To determine the charge to mass ratio for the electron.
- To learn how to use statistical average and standard deviation for repeated measurements to improve accuracy in the final result.
- To learn how to calculate the propagation of error when working and algebraically manipulating measured quantities.
- To learn how to derive the formula for the charge-to-mass ratio of a charged particle.
- To learn what sections must be included in a scientific lab report.
- Q/M Apparatus
When electrons moving with a speed v enter region with magnetic field B they are deflected from their original trajectory in circular path. The radius of curvature is set up by Newton’s Second Law for that electron:
The electrons usually are sped up to those velocities v by applying an electric field E created by a high-voltage difference ΔV between two electrodes at a distance d. The relationship between the two then will be:
The speed with which the electrons emerge v then will depend on that high-voltage difference and can be calculated by using the conservation of energy principle:
Using Eqs. 1 and 3, we can write for the ratio between the charge and the mass of the electron the following formula:
The experiment will be completely set up for you. All you need is to turn on the power supply and take measurements.
Here is a description of the apparatus and the experimental setup.
The class will be divided into four groups. There will be only 4 experimental apparatuses set up. This is one lab experiment where you will be permitted to work in large groups.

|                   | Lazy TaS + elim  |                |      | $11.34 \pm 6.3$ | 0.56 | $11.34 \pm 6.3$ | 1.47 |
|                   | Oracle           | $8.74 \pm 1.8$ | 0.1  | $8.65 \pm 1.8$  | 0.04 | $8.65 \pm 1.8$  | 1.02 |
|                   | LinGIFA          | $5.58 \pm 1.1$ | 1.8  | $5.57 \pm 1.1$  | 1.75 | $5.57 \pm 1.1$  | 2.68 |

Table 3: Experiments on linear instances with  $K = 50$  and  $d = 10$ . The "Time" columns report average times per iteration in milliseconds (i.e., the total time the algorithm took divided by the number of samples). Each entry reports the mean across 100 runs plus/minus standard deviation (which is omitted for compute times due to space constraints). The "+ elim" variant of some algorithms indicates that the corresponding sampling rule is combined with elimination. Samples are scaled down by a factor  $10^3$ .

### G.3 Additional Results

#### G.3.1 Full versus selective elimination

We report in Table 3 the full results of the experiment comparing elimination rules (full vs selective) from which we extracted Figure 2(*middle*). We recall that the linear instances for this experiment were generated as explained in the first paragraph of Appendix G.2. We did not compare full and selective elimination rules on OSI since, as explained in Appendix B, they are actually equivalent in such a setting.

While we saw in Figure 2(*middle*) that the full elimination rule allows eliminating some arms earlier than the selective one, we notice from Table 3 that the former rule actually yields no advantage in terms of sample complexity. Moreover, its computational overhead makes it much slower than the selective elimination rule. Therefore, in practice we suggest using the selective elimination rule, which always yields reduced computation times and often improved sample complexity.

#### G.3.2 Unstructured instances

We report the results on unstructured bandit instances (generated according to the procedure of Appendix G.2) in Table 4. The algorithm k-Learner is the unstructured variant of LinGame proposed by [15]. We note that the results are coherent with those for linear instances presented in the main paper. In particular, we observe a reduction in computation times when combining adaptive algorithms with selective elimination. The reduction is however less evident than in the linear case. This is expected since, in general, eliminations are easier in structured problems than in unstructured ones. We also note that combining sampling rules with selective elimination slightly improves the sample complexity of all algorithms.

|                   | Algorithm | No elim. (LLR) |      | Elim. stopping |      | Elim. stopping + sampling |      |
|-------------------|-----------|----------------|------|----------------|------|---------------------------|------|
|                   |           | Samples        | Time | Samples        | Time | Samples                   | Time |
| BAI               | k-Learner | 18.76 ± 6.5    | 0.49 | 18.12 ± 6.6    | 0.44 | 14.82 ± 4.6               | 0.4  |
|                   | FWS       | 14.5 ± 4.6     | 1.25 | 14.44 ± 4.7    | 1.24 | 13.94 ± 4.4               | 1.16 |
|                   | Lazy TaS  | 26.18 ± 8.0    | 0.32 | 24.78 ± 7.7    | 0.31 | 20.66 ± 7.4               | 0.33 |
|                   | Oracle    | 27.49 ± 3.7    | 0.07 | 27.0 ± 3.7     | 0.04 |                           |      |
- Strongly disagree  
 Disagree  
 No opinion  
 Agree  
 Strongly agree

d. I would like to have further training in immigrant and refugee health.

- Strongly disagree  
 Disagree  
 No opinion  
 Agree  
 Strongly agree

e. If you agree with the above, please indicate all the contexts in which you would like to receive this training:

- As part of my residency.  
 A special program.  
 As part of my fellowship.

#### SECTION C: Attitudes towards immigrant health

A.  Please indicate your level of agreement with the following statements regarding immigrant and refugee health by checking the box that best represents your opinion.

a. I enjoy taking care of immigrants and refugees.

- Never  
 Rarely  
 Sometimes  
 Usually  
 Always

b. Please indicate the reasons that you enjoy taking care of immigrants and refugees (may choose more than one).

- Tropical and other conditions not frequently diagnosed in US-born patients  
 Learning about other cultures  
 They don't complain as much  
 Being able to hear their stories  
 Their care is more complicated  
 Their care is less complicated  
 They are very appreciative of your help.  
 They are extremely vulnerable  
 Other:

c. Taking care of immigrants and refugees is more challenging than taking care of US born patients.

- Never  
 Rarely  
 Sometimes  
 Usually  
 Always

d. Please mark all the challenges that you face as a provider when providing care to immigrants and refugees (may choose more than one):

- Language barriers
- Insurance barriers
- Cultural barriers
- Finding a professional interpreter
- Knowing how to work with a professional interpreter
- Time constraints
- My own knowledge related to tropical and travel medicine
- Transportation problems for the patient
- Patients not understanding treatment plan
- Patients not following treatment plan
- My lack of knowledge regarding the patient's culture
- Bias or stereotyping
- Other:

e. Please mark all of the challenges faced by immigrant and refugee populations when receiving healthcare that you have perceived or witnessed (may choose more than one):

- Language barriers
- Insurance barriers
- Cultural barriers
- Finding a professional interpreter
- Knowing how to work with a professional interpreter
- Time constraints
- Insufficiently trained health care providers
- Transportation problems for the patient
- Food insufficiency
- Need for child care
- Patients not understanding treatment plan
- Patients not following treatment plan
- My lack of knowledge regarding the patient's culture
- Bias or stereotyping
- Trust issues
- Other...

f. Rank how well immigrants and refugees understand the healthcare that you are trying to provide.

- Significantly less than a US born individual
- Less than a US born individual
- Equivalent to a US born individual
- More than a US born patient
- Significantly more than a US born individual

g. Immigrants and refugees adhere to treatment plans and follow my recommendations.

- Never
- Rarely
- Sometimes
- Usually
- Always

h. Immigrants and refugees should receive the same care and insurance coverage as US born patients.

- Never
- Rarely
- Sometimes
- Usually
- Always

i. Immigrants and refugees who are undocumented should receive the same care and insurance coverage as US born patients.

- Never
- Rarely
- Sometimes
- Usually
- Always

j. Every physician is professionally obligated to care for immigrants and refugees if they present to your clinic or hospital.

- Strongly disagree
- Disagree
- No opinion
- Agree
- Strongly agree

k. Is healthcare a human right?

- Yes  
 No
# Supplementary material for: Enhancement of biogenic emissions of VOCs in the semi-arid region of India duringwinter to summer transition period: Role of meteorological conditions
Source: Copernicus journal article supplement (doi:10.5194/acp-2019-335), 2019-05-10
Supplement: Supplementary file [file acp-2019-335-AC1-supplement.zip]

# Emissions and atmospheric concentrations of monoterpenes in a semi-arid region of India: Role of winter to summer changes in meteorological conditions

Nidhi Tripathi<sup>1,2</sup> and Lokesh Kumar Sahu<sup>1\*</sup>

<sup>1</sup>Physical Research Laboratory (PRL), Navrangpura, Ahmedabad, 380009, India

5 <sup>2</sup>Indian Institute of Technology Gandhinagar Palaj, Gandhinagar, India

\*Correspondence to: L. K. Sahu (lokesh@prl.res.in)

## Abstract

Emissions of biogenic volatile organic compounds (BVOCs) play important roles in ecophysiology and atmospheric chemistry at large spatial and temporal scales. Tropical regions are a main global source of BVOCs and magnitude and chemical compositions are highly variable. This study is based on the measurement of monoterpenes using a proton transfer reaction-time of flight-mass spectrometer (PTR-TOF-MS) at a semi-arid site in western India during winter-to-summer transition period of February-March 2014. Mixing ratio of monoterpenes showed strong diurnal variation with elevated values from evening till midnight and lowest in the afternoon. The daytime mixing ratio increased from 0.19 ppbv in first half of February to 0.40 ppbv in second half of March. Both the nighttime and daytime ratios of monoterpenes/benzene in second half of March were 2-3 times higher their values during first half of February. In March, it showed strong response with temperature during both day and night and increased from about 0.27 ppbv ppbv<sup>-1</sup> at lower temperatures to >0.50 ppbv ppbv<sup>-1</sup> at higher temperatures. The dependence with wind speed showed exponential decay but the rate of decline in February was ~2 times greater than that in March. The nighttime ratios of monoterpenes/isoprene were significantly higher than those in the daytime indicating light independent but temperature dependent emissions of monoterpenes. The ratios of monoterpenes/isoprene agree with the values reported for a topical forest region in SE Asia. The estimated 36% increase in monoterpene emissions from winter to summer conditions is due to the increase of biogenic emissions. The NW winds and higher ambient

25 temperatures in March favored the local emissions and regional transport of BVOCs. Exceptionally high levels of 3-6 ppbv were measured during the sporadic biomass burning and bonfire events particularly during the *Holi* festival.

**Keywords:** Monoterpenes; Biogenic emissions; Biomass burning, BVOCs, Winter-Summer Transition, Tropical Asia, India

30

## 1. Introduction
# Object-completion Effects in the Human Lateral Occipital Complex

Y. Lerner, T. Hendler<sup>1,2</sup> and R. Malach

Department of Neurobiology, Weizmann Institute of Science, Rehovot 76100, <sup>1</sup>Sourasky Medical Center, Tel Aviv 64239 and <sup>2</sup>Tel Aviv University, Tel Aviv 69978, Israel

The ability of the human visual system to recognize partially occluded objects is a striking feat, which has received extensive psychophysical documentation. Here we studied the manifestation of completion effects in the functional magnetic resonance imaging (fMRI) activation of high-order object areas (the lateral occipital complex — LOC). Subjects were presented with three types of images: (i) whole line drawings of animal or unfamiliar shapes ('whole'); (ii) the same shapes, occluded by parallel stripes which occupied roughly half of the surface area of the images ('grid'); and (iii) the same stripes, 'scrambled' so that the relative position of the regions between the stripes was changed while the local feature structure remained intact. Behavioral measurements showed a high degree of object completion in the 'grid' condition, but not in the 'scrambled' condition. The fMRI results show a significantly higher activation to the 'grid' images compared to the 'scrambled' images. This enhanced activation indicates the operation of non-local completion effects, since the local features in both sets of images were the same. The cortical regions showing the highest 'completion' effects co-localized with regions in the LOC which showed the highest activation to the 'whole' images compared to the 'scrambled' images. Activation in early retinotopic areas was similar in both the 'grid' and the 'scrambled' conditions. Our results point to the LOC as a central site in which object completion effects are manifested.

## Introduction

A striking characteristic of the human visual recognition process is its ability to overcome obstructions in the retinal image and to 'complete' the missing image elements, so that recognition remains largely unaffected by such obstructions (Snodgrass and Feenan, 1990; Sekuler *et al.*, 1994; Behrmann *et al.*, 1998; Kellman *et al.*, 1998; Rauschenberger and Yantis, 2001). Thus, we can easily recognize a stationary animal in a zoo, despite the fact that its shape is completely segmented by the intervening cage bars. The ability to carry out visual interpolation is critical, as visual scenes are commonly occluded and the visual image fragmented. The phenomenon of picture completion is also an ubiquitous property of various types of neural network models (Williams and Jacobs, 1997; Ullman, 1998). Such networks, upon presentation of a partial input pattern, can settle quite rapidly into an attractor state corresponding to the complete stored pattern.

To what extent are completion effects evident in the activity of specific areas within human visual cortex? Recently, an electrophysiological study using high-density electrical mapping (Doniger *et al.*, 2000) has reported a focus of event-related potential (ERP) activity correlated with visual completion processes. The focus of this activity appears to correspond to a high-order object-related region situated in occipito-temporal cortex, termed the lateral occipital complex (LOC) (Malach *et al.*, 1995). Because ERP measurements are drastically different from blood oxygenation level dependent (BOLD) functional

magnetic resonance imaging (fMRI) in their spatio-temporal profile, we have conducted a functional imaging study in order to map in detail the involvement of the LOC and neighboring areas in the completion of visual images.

The magnetic field value depends on the electric current through the apparatus. Look at the bottom front corner of the apparatus and record down that relationship:
If the current is in Amps, Eq. 5 will give you B in Tesla. You do not need to convert units.
Record the values for the High voltage in Volt and the electric current in Amp.
|ΔV (V)||uncertainty ΔV (%)||I (A)||uncertainty I (%)||B (T)||uncertainty B (%)|
The uncertainty in (%) are relative uncertainties. Take the absolute uncertainty (smallest possible measurement from your multimeter) of the measured quantity and divide it by the value.
For example: If you measure the volts as 10.1 V, then your measurement is 10.7 ± 0.1 V, and the relative uncertainty in the volts is:
Repeat for the current measurements. Since you are not directly measuring the magnetic field, B, use the relative error for the current to be the same as the relative error for B. For example, if you calculate the percent error for I to be 5%, then take the relative error for be to be the same 5%.
Measure the radius of the circular trajectory of the electrons.
EACH member of your lab team must measure the radius. The best way to measure it is to mark the locations of the left and right edge of the circle is and to take the average value of those two.
Record your data in a table:
|Student Name||xL (m)||XR (m)||R (m)|
You will use the average value for the radius, R, in your calculations.
Use the standard deviation as a measurement if the absolute uncertainty in the measurement for R. Calculate the relative uncertainty of R as the ratio between the st. deviation and the value for R.
Using your measured values, calculate the q/m ratio.
Propagation of error
Using the relative uncertainty of your measurements, calculate the total relative uncertainty of your result for the q/m ratio.
In the formula above, you have used once ΔV, twice the value for the current I (it is squared in the formula), and twice the value for the radius. So your total relative uncertainty should be the sum:
Questions and Assignments
- Does your q/m value agree with the established within the range established by the error calculated by you?
- Write a lab report on this experiment. You will be graded on the following components:
- Include Title, Purpose of the lab experiment, Theory section, Description of the experimental apparatus, Measurement, and Results
- Your report must be typed and well organized
- Coherent paragraphs (no bulletized lists). No spelling errors.